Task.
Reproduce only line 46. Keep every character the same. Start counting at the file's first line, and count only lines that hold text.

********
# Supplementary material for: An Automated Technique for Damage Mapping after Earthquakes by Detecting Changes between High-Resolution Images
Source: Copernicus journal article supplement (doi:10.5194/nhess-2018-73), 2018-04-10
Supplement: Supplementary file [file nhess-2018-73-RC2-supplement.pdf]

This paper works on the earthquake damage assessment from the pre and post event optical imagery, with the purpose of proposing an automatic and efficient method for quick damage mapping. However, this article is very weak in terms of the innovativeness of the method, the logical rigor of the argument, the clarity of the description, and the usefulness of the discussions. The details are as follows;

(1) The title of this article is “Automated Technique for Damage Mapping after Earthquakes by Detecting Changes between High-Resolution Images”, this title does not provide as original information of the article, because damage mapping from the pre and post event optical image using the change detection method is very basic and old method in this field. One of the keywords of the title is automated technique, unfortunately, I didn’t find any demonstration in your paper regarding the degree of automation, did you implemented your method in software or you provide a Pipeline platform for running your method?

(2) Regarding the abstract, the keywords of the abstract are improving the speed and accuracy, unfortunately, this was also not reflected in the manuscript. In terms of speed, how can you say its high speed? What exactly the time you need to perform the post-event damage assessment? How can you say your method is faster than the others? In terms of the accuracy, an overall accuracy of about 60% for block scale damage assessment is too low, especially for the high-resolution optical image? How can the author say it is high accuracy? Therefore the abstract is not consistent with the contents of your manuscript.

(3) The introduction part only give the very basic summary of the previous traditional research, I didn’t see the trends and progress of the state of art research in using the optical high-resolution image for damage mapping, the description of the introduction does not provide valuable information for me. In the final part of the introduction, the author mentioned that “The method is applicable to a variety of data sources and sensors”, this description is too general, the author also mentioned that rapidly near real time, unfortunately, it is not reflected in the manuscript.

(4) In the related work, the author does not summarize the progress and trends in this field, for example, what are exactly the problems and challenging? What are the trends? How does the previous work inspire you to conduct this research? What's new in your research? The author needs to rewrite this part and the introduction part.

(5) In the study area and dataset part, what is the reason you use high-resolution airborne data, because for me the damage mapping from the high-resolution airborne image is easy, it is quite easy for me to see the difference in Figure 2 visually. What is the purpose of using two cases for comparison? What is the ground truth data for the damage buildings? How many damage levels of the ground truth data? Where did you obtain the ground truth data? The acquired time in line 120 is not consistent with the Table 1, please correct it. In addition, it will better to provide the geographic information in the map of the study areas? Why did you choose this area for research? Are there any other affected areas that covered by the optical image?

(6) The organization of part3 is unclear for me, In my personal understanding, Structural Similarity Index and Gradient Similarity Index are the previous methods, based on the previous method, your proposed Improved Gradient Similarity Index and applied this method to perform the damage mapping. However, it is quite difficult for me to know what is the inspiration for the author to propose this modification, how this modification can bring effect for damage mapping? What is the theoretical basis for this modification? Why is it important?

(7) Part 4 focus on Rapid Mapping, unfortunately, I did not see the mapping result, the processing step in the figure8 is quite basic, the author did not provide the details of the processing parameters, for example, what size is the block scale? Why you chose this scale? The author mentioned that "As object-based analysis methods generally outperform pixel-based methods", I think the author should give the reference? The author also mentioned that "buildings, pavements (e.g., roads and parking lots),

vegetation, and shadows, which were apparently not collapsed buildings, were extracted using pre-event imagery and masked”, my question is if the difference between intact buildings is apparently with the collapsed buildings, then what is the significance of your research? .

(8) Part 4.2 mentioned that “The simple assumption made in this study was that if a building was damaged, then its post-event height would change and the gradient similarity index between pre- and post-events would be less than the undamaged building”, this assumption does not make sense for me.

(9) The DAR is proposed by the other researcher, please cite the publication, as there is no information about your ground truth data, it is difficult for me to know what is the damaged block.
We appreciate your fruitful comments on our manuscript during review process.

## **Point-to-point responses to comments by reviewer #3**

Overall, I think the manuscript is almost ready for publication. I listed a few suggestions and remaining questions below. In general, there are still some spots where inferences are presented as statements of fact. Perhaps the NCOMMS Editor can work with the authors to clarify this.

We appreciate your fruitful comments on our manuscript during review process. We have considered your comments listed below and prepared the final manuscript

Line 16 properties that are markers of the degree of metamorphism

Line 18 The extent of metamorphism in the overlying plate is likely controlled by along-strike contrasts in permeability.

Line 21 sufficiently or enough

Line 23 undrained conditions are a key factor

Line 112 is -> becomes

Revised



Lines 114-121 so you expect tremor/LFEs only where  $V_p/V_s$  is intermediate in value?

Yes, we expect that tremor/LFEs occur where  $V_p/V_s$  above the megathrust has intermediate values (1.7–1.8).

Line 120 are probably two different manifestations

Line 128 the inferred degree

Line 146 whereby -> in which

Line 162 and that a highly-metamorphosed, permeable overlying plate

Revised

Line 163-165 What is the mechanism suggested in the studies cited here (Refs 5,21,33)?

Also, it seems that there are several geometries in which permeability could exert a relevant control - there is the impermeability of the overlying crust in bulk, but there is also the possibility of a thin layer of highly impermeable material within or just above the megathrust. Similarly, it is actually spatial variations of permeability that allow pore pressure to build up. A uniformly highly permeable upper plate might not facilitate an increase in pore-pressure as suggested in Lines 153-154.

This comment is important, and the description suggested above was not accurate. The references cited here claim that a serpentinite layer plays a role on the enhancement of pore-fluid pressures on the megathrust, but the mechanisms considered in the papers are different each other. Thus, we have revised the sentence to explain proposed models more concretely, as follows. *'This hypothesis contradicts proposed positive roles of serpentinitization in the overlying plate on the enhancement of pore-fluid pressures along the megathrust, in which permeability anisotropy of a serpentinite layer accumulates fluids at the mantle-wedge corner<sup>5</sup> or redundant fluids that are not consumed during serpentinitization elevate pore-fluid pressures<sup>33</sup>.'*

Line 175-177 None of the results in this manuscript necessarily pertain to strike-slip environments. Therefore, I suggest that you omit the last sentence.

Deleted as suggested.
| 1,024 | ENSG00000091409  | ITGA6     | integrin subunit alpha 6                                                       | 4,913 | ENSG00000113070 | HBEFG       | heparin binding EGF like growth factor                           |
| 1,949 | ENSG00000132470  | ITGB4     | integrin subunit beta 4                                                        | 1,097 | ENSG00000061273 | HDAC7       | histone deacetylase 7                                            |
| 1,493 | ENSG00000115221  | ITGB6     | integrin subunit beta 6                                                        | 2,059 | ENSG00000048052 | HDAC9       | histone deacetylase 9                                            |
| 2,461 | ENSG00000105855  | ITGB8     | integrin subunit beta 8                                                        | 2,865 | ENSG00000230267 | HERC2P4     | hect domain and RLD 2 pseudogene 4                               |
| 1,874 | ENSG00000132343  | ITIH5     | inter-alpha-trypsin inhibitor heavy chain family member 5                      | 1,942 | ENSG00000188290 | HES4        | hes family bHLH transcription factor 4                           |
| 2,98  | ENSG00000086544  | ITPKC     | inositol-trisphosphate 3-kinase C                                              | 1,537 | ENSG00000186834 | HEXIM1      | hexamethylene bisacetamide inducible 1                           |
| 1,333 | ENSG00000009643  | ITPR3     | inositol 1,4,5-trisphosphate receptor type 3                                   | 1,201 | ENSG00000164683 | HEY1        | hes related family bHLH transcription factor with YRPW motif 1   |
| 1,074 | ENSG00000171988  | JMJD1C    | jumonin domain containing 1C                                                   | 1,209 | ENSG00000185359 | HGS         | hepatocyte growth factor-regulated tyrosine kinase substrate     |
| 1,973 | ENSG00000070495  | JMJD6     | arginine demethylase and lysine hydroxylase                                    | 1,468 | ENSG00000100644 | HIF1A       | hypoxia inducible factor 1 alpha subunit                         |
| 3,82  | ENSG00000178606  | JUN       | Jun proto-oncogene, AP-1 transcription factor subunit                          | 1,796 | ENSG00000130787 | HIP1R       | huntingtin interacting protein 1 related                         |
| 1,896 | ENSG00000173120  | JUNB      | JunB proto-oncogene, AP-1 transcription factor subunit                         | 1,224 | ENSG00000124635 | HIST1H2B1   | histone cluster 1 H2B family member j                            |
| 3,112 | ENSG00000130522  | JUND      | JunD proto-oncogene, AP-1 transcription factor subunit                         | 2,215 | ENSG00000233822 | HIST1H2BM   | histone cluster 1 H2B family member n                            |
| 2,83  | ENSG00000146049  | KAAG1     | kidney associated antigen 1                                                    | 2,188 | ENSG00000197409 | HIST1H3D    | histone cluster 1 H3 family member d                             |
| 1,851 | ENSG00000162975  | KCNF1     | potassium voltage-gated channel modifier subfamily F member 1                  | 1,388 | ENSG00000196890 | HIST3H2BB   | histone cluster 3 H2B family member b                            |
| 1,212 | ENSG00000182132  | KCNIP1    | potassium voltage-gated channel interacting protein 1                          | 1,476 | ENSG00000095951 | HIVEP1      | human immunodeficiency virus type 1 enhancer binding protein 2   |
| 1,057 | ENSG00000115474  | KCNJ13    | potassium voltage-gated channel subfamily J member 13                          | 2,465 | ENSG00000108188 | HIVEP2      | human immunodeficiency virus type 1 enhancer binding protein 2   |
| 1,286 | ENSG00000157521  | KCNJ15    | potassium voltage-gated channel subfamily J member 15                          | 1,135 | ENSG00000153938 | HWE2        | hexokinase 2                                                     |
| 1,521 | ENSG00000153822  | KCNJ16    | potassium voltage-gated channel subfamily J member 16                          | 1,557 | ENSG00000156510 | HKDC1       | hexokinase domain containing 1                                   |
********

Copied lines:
| 3,82  | ENSG00000178606  | JUN       | Jun proto-oncogene, AP-1 transcription factor subunit                          | 1,796 | ENSG00000130787 | HIP1R       | huntingtin interacting protein 1 related                         |